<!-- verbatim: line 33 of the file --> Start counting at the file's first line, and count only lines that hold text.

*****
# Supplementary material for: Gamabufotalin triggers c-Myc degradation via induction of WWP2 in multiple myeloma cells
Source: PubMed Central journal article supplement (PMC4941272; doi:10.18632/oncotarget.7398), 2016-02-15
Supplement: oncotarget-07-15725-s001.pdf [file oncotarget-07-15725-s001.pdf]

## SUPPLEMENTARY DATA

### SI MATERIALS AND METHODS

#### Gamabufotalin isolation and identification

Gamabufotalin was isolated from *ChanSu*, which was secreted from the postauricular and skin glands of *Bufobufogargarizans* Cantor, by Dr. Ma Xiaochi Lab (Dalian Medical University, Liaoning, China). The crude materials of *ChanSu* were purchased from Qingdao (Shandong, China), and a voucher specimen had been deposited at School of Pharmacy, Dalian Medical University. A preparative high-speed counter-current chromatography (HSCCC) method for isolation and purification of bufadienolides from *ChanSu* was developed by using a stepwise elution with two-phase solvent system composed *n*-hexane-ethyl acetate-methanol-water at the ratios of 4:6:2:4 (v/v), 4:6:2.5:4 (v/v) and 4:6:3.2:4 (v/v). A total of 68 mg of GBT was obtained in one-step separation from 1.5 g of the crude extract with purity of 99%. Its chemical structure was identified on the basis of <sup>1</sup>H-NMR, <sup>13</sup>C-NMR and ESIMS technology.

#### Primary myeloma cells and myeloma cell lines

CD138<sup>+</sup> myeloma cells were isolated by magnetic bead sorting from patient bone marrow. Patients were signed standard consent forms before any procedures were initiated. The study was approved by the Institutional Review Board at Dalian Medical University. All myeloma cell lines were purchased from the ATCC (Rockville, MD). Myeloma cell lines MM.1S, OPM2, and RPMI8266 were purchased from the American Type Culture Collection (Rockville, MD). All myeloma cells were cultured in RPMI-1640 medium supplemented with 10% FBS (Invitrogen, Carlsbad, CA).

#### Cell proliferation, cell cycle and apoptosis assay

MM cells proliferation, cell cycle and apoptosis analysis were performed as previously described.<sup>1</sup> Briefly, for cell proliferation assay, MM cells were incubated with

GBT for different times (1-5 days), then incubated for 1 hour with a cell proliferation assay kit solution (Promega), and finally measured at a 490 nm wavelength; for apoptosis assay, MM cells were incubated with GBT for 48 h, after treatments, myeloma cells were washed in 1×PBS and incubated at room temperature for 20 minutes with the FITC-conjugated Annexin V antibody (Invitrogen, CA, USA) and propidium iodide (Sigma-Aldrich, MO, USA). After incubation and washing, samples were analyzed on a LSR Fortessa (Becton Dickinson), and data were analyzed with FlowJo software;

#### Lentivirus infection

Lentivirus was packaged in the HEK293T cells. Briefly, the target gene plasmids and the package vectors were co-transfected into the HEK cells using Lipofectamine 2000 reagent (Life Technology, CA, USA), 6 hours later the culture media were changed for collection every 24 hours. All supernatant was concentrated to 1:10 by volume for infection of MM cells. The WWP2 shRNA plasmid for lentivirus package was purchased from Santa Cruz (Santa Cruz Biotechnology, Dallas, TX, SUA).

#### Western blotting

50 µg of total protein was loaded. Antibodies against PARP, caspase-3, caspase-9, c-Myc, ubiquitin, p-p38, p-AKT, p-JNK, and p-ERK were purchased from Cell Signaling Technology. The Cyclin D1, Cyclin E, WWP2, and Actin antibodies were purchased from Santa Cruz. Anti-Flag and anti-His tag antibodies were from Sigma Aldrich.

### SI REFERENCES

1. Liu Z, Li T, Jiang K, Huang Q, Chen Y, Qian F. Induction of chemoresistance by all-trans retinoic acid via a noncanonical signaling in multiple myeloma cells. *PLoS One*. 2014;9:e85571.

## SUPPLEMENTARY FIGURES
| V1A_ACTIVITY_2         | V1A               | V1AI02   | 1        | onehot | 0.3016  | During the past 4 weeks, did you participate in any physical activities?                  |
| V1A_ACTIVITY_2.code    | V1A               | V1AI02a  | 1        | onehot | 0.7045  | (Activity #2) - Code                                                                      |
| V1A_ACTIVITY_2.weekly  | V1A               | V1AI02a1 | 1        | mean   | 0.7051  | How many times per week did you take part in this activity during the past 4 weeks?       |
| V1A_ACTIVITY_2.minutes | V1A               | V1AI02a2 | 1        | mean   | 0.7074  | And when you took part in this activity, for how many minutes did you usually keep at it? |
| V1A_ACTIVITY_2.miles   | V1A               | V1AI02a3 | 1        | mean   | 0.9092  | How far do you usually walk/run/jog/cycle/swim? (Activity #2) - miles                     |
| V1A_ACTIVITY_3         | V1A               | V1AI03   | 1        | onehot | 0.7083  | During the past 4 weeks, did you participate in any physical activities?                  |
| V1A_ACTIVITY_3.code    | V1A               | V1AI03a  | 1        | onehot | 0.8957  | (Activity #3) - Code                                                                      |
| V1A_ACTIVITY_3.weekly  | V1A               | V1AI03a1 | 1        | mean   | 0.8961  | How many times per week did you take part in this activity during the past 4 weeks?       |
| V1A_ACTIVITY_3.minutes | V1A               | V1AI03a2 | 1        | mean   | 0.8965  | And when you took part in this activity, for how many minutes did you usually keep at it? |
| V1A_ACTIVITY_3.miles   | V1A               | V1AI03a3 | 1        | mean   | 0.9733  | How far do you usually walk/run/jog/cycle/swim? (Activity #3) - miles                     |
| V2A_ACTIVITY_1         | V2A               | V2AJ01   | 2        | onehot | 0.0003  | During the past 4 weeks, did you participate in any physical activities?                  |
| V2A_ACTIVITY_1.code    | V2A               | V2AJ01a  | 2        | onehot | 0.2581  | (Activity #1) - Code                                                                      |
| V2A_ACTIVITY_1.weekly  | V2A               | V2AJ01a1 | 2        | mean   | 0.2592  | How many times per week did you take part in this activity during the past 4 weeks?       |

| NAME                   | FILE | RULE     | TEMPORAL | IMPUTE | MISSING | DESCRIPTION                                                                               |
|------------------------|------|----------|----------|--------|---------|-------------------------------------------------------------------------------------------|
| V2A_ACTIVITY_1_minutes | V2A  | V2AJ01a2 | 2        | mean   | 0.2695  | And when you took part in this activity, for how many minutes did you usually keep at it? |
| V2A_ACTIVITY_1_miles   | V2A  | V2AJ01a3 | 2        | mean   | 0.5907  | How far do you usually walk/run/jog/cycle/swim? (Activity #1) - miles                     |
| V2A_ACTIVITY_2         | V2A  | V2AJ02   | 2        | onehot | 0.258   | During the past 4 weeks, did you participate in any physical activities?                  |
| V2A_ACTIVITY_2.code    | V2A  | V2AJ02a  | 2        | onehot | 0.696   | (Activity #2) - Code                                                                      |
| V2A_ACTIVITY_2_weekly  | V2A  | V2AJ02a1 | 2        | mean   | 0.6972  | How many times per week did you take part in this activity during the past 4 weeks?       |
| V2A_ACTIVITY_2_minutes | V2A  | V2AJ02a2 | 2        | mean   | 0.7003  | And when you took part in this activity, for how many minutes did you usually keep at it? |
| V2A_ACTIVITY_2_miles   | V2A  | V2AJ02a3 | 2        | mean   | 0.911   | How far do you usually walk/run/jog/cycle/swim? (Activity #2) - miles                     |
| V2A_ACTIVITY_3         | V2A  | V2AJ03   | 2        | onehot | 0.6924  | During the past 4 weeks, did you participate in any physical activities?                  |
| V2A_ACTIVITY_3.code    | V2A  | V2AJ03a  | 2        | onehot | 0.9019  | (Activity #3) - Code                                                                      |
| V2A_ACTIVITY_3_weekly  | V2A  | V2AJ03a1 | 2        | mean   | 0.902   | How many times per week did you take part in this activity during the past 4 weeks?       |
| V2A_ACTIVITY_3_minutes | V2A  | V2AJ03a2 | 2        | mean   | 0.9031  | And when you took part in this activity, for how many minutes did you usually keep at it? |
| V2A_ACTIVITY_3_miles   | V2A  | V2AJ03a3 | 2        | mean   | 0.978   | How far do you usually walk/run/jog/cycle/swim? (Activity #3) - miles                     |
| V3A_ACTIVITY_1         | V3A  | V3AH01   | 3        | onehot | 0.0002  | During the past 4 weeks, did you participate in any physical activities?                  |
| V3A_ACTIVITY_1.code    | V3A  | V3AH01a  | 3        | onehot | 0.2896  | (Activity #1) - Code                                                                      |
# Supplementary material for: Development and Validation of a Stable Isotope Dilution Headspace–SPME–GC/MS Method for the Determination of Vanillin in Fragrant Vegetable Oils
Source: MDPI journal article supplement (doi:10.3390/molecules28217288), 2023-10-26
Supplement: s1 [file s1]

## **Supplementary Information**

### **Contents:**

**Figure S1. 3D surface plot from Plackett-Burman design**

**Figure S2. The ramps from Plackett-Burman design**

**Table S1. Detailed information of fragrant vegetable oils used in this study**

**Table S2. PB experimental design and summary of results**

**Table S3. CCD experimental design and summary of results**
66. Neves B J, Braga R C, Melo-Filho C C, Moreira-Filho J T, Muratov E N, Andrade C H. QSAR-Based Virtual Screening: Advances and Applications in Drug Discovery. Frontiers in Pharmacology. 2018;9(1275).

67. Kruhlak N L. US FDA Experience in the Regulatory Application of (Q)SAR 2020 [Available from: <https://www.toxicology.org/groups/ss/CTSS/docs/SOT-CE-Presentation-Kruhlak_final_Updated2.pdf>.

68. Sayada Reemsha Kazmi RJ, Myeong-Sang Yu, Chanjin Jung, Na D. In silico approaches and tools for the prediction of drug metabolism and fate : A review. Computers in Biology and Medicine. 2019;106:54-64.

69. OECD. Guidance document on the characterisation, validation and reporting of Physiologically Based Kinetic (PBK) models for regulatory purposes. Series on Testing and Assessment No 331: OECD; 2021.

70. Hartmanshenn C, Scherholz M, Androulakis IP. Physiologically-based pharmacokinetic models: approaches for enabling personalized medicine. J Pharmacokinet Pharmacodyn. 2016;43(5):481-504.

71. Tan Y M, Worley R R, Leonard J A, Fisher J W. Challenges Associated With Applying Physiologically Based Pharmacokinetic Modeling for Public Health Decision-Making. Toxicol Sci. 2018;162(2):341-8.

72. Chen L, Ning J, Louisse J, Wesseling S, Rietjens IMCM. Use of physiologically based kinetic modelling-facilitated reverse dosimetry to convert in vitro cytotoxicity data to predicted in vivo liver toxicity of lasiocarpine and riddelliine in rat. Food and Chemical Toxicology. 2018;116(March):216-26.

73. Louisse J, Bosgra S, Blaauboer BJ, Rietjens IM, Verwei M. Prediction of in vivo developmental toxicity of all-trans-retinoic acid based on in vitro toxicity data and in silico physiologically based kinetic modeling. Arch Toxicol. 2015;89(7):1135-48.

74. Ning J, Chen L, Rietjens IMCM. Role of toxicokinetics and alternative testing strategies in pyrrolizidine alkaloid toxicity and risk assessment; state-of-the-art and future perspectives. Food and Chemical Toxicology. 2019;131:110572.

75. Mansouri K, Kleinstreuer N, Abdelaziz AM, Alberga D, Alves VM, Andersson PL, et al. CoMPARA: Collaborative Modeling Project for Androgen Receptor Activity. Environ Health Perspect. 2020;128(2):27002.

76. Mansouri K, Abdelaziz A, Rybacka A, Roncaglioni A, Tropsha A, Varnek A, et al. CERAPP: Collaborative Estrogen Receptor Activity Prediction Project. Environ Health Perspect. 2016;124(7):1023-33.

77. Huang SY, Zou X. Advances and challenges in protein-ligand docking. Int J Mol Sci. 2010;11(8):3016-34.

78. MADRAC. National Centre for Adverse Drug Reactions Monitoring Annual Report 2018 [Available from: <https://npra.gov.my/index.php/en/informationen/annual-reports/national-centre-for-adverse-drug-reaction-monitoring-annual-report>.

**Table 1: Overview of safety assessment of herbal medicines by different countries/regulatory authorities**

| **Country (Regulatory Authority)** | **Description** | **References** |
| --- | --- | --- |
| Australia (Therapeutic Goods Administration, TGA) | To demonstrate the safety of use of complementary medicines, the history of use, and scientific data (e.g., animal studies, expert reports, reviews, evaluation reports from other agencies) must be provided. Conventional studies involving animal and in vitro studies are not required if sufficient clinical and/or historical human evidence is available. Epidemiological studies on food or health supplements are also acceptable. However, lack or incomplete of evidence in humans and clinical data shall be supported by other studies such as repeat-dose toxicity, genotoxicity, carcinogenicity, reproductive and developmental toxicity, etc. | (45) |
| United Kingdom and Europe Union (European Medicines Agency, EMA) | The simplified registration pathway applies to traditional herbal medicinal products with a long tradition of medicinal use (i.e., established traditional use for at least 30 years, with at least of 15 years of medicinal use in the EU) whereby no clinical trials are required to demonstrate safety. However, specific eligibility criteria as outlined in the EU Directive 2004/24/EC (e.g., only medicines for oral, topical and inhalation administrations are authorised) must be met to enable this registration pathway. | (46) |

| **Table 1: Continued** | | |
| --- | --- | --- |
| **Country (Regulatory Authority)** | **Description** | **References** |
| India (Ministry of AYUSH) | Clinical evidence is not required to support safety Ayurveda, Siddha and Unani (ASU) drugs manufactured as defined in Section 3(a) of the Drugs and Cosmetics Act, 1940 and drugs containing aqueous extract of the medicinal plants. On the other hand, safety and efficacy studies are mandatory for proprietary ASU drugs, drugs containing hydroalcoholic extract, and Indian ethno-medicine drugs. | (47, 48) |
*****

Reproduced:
| NAME                   | FILE | RULE     | TEMPORAL | IMPUTE | MISSING | DESCRIPTION                                                                               |